Manual vs. automated counting, is there a great devide?
Before deciding between automated or manual counting, start with defining what cells are to be counted. Only when it is clear what you want to count and in what quantity, you can properly evaluate setups which are available to you.
Since the beginning of operations in 2012, we noticed a trend among our partners and customers, that many of them still prefer to count manually. This is cost effective but time consuming, they choose to stick with it as they believe that there are no good alternatives.
Many of them feel that the current and previous generations of automated cell counters are inaccurate, slow and expensive to operate (the mounting cost of disposables to name just one).
But is this view regarding manual and automated counting indeed correct. Or is there something that has been overlooked? In this final tip this is further explored.
Tip #3: Should you switch between manual and automated counting?
“Sure you can come over to our lab with your automated cell counter, but I warn you, I am a manual counting cheerleader!”
This is a line from a conversation with one of our clients. It seems that there are some that have clear prejudice regarding automated cell counter or manual counting. To investigate this properly there is one question you must answer yourself. What do you want to count? Because the answer to this will influence what kind of counting is best situated for you.
Perhaps you want to measure only one cell type multiple times per day or investigate a wide array of cells and bacteria. When making your decision between manual and automated setups, whatever you want to count, the following four aspects need to be considered.
Manual counting has the lowest initial purchase and operating cost, due to its re-usability. Especially at small number of counts it is the best choice regarding budget, see our previous tip 2.
Nevertheless, that does not include the cost of the time the operator needs to perform the count and the time required to gain experience in manual counting. Accordingly, cost can greatly increase in total when the amount of counts increases.
For automated counting, the initial purchase cost can be a large hurdle to overcome as they are often more expensive by a factor of 1,000x. Their advantage is that they greatly decrease processing time per sample. An additional cost is the necessity of consumables. These consumables can surpass the initial purchase cost greatly when the device is used for a large amount of cell counts. With increasing numbers of counts, automated systems may be lower in costs than manual counting due to its reduction of operator costs.
For both manual and automated setups, the results obtained must be accurate. With manual counting its strengths are in its versatility, accurate classification and early problem detection. Because the operator directly observes the cells, any errors can quickly be assessed.
But the operator is also its disadvantage, as its results are subjective and inter-operator variation can be high. The counting protocol from one person may differ greatly from another even if they count the same grid from the same hemocytometer.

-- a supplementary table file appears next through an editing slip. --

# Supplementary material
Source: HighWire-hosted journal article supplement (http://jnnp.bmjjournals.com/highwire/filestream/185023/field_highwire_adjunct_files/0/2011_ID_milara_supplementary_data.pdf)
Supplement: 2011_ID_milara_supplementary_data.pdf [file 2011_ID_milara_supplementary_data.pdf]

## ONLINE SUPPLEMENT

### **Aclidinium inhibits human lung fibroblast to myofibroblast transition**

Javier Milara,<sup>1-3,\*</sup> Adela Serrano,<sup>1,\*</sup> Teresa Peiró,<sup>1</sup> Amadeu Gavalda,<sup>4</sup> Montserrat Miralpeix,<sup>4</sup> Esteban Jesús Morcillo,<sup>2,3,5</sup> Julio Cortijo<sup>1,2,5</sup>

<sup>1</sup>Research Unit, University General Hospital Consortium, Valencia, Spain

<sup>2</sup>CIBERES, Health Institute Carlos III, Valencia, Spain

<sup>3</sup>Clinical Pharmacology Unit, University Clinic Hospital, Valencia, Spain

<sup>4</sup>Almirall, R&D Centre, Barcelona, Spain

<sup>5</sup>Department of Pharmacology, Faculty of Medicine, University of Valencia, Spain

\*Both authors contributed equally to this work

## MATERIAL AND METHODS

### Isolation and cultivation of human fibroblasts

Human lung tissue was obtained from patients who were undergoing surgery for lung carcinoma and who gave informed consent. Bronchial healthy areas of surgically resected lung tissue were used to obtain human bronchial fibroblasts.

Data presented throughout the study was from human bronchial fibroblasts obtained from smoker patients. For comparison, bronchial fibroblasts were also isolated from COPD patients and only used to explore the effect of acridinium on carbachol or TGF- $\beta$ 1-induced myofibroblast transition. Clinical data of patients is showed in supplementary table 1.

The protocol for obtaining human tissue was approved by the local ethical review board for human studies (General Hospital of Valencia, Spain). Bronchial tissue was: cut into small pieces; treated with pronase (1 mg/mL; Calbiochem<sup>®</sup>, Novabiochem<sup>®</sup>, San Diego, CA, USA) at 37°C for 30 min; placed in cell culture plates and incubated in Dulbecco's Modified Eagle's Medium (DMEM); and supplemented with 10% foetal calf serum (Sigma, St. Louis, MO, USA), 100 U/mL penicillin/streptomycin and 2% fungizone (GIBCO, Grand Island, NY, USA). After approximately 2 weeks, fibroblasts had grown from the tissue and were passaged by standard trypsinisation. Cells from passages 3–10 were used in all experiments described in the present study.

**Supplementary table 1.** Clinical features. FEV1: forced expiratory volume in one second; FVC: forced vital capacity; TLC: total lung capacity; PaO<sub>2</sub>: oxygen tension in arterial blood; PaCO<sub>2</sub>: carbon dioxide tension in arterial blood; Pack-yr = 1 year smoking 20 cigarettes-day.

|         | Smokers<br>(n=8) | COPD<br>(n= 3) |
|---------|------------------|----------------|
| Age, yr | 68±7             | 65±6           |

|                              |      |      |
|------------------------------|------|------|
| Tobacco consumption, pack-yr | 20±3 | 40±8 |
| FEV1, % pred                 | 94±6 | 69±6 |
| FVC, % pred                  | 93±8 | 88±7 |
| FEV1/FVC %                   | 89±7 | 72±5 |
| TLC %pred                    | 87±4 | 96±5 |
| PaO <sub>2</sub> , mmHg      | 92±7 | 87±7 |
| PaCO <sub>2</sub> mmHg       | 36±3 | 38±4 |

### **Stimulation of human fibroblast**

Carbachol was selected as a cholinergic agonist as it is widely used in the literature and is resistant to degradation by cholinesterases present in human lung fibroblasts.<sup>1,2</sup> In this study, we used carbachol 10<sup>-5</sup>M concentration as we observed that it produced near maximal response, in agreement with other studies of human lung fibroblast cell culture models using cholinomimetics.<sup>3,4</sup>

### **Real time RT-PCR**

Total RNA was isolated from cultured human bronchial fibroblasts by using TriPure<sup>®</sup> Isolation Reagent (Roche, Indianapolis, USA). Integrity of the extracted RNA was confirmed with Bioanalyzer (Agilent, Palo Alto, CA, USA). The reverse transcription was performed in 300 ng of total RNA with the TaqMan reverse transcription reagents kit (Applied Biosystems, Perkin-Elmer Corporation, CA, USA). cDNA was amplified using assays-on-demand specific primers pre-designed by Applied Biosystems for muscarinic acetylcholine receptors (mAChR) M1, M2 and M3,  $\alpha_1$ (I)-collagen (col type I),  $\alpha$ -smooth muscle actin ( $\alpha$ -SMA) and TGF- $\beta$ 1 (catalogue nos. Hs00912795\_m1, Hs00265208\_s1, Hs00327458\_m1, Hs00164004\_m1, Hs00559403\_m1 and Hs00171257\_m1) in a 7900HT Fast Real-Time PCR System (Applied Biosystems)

Automated counting has the advantage that it has a lower error rate per sample and does not suffer from the subjectivity present with manual cell counting. Also, being automated, it has a high reproducibility compared to manual counting. However, since there is no human element classifying cells, the possibility of misclassification is higher. This can allow for automated systems to be precise but have a low level of trueness, thus underestimating the actual concentration.
Manual counting is easily adaptable to many situations, making it highly versatile. It is, at the same time also, limited by its human operator. These operator limitations are time needed to perform a count and proper counting through experience.
Automated cell counting allows for a higher throughput of samples thus, more counts can be performed. This results in higher productivity and less misclassification between samples but limits its versatility available with a specific system.
For manual counting, reporting has not changed since the first hemocytometer was used in the 19th century. The operator simply writes results in their lab journal.
On the automated side, a lot has changed, allowing for more in-depth and faster reporting of the cell counts. With current setups, there are more detailed analysis reports available, including graphical display of the cells counted. Furthermore with cloud data storage, the operator can reanalyze data later. This may provide new results otherwise overlooked.
Before deciding between automated or manual counting, start with defining what cells are to be counted. Only when it is clear what you want to count and in what quantity, you can properly evaluate setups which are available to you. Focus on details of both manual and automated systems regarding their costs, accuracy, versatility and reporting and how these are related to your requirements.
Once you can relate this information to your situation, you will see which system suits your needs. Allowing you to make the best decision, to continue counting manually or perhaps switch to automated counting.
A final tip
When trying a new setup, always try to arrange a trial. With a trial you can see if the product fits your needs.
DOWNLOAD OUR FREE WHITEPAPER
Do you want to count your cells much more easy and better and can't wait for the other tips? Download our FREE whitepaper "5 Tips for better cell counting" and read the full story without having to wait. With this whitepaper we will give you 5 tips for better cell counting. The following themes are discused:
- Sample preparation
- The costs of cell counting
- Cell concentration calculation
- Accuracy of cell counters
- The divide between manual and automated cell counters